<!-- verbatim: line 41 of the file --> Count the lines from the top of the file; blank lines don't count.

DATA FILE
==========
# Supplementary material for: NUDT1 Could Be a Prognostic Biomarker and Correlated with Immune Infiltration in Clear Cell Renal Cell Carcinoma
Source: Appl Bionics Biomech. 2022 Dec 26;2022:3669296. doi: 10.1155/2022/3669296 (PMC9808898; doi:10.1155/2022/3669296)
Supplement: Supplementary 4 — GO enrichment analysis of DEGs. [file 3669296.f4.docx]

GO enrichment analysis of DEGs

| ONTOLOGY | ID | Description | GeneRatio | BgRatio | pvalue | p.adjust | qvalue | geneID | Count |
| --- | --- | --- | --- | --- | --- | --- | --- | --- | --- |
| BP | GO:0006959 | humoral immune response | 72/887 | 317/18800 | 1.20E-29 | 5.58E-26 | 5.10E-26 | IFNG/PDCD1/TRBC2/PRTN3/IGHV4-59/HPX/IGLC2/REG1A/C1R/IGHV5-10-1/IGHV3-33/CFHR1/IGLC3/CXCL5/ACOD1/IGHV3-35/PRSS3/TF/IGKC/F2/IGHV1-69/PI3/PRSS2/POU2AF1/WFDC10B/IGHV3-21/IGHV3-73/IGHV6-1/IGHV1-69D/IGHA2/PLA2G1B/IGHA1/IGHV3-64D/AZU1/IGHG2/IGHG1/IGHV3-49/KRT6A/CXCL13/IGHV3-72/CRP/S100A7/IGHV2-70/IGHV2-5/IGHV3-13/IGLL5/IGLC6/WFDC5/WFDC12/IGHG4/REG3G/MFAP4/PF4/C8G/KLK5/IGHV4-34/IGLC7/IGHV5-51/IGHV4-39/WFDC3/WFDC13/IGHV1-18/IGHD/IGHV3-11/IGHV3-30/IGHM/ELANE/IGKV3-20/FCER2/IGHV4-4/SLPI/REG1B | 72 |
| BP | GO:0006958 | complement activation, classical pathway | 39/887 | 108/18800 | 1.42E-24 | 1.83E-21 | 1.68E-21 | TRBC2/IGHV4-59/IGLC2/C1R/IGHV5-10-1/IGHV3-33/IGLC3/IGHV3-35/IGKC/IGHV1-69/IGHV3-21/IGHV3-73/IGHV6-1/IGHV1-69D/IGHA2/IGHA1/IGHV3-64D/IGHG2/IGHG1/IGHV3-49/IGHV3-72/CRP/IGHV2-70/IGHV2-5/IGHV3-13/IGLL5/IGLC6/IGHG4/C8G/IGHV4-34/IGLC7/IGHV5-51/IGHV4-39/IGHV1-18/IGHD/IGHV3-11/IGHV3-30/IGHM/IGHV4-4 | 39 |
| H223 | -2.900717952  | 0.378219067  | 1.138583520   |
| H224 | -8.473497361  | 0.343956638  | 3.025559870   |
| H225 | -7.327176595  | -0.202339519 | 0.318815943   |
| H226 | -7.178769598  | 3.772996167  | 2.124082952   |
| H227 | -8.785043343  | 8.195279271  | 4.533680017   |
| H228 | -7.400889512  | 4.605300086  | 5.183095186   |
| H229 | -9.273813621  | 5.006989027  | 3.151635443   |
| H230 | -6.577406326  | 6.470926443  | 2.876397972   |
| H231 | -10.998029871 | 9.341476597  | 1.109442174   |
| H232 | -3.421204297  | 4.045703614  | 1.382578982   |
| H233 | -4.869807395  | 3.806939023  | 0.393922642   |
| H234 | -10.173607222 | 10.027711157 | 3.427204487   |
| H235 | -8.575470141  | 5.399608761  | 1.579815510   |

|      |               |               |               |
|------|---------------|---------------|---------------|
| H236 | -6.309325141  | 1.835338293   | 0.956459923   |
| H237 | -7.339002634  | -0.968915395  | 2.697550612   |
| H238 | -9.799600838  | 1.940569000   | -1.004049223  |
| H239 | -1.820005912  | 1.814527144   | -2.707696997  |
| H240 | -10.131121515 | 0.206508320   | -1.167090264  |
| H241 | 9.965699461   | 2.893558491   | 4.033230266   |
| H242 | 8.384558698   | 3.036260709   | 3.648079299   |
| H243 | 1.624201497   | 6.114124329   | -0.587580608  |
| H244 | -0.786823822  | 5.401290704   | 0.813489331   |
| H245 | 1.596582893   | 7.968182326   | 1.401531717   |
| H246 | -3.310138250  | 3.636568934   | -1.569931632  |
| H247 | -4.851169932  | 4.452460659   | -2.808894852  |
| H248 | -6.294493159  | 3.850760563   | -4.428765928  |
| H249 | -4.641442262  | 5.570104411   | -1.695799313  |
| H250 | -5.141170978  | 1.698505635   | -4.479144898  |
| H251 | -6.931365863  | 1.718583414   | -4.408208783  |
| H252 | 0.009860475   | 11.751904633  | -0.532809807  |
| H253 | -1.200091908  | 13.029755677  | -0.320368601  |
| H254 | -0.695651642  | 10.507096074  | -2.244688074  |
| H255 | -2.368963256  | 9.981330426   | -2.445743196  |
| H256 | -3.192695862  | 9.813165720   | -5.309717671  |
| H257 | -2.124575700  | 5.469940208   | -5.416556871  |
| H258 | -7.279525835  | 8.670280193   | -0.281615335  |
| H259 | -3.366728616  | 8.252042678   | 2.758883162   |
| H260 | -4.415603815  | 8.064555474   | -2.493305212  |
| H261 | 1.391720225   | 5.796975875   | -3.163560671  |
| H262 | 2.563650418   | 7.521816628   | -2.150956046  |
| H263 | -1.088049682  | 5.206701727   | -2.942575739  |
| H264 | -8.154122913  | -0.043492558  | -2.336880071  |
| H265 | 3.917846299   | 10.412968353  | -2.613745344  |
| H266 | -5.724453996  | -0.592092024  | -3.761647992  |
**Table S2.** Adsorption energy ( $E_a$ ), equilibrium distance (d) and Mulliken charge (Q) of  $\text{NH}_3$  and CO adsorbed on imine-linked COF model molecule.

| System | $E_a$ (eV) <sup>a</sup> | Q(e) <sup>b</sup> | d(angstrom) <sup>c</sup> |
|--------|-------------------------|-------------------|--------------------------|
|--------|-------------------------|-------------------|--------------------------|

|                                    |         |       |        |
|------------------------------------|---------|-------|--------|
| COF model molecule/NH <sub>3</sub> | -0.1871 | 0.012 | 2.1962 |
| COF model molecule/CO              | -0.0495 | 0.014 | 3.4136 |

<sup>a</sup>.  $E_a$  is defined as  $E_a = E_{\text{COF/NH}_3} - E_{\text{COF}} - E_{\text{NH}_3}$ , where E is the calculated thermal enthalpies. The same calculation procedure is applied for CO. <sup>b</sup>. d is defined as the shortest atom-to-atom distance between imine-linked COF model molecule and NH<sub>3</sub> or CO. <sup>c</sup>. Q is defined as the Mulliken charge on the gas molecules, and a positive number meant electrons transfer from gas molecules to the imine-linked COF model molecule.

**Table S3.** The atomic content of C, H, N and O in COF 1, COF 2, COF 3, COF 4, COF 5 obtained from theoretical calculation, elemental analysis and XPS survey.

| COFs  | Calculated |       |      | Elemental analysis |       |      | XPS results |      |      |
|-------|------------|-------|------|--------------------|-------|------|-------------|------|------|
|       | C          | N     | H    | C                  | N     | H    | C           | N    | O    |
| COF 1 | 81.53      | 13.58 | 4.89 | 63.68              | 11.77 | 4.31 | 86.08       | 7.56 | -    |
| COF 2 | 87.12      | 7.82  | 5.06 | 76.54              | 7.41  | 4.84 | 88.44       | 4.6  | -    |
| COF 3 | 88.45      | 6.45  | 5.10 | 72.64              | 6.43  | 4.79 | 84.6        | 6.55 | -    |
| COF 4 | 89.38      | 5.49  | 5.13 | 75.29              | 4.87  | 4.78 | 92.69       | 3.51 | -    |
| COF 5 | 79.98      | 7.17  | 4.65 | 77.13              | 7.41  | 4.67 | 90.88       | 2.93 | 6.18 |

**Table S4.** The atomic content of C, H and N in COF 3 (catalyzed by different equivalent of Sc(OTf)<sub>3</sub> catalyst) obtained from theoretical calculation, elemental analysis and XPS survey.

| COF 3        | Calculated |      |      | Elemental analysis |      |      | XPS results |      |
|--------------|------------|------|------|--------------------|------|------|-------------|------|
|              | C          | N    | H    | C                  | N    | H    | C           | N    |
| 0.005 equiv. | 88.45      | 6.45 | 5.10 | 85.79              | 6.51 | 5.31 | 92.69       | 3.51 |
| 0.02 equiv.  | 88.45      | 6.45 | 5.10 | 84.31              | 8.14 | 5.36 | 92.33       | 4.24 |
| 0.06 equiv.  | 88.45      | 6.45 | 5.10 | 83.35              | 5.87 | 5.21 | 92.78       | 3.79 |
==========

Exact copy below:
| H253 | -1.200091908  | 13.029755677  | -0.320368601  |